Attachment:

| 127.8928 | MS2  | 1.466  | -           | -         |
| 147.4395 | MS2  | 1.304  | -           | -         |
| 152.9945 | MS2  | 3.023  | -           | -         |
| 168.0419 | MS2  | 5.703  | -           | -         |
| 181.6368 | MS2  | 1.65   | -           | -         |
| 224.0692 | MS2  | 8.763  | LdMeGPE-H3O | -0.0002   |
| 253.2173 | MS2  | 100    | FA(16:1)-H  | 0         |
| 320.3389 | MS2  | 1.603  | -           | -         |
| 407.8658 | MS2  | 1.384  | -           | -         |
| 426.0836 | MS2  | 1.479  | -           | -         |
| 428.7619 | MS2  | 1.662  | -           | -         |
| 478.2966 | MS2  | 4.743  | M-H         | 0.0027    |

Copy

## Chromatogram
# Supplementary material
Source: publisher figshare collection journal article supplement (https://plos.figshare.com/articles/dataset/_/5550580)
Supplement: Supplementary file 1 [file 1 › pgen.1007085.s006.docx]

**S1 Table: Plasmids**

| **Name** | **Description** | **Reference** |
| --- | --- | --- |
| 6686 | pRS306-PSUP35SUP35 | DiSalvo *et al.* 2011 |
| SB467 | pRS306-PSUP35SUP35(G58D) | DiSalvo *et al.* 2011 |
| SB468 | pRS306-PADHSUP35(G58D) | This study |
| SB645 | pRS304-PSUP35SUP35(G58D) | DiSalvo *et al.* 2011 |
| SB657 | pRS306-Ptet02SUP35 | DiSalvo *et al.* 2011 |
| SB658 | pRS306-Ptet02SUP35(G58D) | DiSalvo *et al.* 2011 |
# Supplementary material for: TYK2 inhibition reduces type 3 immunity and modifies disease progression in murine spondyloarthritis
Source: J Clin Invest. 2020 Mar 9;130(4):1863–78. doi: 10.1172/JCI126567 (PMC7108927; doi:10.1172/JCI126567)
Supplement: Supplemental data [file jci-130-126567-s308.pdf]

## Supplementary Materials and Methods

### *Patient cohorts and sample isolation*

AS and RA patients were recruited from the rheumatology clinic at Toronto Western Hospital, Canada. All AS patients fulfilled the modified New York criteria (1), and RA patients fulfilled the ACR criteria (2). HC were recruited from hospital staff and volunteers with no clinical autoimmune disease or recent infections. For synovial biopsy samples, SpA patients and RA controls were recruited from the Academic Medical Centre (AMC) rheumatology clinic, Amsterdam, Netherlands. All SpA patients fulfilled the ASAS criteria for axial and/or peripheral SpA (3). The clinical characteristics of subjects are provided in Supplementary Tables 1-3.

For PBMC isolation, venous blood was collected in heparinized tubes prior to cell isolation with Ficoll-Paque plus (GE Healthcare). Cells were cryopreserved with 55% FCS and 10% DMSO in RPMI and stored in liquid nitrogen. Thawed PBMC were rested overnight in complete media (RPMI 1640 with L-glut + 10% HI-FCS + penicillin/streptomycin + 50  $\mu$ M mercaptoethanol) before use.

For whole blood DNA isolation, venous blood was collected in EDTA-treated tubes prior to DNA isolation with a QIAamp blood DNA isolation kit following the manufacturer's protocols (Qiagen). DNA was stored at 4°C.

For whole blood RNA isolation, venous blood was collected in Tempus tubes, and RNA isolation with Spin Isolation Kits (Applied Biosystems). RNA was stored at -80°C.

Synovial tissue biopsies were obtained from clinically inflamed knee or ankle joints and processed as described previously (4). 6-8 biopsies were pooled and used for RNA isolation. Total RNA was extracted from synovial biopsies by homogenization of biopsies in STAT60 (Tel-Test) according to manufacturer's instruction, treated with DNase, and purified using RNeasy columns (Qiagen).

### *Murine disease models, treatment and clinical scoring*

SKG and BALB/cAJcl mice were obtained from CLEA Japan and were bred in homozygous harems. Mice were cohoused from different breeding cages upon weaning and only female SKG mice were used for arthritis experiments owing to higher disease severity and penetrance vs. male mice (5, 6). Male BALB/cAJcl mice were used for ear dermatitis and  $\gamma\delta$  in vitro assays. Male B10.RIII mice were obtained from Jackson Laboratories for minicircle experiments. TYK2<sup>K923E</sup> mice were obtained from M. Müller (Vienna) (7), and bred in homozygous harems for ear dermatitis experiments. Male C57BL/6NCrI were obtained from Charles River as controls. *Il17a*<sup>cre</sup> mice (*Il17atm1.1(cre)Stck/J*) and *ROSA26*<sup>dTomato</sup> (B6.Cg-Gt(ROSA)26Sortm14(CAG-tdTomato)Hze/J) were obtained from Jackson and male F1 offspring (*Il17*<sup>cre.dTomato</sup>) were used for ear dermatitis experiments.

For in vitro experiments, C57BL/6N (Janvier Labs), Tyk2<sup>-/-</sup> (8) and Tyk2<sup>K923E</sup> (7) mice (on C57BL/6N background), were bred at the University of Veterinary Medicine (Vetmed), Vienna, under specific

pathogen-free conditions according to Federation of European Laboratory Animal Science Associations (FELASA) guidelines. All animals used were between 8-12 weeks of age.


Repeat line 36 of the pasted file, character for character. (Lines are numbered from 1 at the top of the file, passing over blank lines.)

Synovial tissue biopsies were obtained from clinically inflamed knee or ankle joints and processed as described previously (4). 6-8 biopsies were pooled and used for RNA isolation. Total RNA was extracted from synovial biopsies by homogenization of biopsies in STAT60 (Tel-Test) according to manufacturer's instruction, treated with DNase, and purified using RNeasy columns (Qiagen).